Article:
23. Nahid P, Dorman SE, Alipanah N, et al. Official American Thoracic Society/Centers for Disease Control and Prevention/Infectious Diseases Society of America (ATS/CDC/IDSA) clinical practice guidelines: treatment of drug-susceptible tuberculosis. Clin Infect Dis. 2016;63(7):e147-e195. doi:10.1093/cid/ciw376 [PubMed 27516382]
  24. Nahid P, Mase SR, Migliori GB, et al. Treatment of drug-resistant tuberculosis. An official ATS/CDC/ERS/IDSA clinical practice guideline. Am J Respir Crit Care Med. 2019;200(10):e93-e142. doi:10.1164/rccm.201909-1874ST [PubMed 31729908]
  25. Pasipanodya JG, McIlleron H, Burger A, Wash PA, Smith P, Gumbo T. Serum drug concentrations predictive of pulmonary tuberculosis outcomes. J Infect Dis. 2013;208(9):1464-1473. doi:10.1093/infdis/jit352 [PubMed 23901086]
  26. Pyrazinamide (tablets, USP 500 mg) [prescribing information]. Plainsboro, NJ: Macleods Pharma USA Inc; September 2020.
  27. Pyrazinamide (tablets, USP 500 mg) [prescribing information]. New Castle, DE: Marlex Pharmaceuticals Inc; March 2022.
  28. Pyrazinamide. In: LiverTox: Clinical and Research Information on Drug-Induced Liver Injury. National Institute of Diabetes and Digestive and Kidney Diseases; 2012. Updated December 20, 2020. [PubMed 31643193]
  29. Stamatakis G, Montes C, Trouvin JH, et al. Pyrazinamide and pyrazinoic acid pharmacokinetics in patients with chronic renal failure. Clin Nephrol. 1988;30(4):230-234. [PubMed 3214968]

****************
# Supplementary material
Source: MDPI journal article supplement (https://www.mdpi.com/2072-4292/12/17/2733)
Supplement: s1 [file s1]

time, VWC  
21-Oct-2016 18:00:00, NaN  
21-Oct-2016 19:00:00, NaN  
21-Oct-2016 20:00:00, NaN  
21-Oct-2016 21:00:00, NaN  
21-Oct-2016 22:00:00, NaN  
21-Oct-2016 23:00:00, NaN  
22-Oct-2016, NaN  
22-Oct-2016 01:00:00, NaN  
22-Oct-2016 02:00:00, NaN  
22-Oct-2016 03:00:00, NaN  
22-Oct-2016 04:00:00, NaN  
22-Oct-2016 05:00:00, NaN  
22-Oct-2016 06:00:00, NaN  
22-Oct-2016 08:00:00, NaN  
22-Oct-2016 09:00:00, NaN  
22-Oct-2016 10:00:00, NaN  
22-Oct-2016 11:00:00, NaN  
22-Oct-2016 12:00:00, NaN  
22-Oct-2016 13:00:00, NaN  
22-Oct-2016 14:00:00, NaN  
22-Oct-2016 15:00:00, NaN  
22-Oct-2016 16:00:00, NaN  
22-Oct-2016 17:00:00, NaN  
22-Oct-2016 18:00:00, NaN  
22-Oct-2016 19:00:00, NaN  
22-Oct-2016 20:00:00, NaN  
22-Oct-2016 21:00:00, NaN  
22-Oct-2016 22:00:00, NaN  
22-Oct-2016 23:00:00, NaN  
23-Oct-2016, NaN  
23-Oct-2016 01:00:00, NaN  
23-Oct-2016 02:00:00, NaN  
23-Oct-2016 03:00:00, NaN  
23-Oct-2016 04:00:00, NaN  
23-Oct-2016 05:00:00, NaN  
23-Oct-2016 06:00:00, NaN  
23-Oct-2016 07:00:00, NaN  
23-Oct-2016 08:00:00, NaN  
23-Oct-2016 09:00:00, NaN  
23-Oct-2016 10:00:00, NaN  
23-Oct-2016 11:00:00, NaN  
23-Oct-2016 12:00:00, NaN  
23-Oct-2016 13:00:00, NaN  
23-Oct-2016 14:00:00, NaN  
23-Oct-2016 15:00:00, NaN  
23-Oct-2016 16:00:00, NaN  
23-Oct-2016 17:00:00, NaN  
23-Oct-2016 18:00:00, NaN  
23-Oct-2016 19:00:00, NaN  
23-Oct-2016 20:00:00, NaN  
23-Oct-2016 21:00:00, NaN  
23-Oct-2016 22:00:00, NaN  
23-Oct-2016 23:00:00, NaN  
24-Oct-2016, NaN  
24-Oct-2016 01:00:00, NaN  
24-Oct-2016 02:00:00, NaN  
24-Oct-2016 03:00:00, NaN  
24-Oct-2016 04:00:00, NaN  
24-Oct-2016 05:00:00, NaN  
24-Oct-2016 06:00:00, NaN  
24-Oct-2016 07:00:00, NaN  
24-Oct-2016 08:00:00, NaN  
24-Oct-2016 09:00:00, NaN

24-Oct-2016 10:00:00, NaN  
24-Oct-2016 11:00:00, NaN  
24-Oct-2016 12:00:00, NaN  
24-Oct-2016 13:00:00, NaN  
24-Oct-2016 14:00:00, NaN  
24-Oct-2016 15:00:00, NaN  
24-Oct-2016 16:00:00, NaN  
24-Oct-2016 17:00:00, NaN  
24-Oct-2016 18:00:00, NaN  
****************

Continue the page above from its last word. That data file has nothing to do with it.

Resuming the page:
30. “Treatment of Latent Tuberculosis Infection (LTBI), Last Updated: April 8, 2004.” Available at http://www.cdc.gov/nchstp/tb/pubs/tbfactsheets/250110.htm. Accessed February 16, 2005.
  31. “Update: Fatal and Severe Liver Injuries Associated With Rifampin and Pyrazinamide for Latent Tuberculosis Infection, and Revisions in American Thoracic Society/CDC Recommendations - United States, 2001,” MMWR Morb Mortal Wkly Rep, 2001, 50(34):733-5. [PubMed 11787580]
  32. US Department of Health and Human Services (HHS). Guidelines for the prevention and treatment of opportunistic infections in adults and adolescents with HIV: recommendations from the Centers for Disease Control and Prevention, the National Institutes of Health, and the HIV Medicine Association of the Infectious Diseases Society of America. https://clinicalinfo.hiv.gov/sites/default/files/guidelines/documents/Adult_OI.pdf. Accessed August 30, 2022.
  33. WHO consolidated guidelines on drug-resistant tuberculosis treatment. Geneva: World Health Organization; 2019. [PubMed 30946559]
  34. WHO operational handbook on tuberculosis. Module 5: management of tuberculosis in children and adolescents. Geneva: World Health Organization; 2022.
  35. World Health Organization (WHO). Companion Handbook to the WHO Guidelines for the Programmatic Management of Drug-Resistant Tuberculosis. World Health Organization; 2014. [PubMed 25320836]
  36. World Health Organization (WHO). Breastfeeding and maternal medication, recommendations for drugs in the eleventh WHO model list of essential drugs. http://www.who.int/maternal_child_adolescent/documents/55732/en/. Published 2002. Accessed July 14, 2020.
  37. World Health Organization (WHO). Consolidated guidelines on tuberculosis: module 4: treatment - drug-resistant tuberculosis treatment. Geneva: World Health Organization; 2020. https://www.who.int/publications/i/item/9789240007048. Published June 15, 2020. Accessed July 14, 2020.
  38. Zent C, Smith P. Study of the effect of concomitant food on the bioavailability of rifampicin, isoniazid and pyrazinamide. Tuber Lung Dis. 1995;76(2):109-113. [PubMed 7780091]
Topic 9836 Version 208.0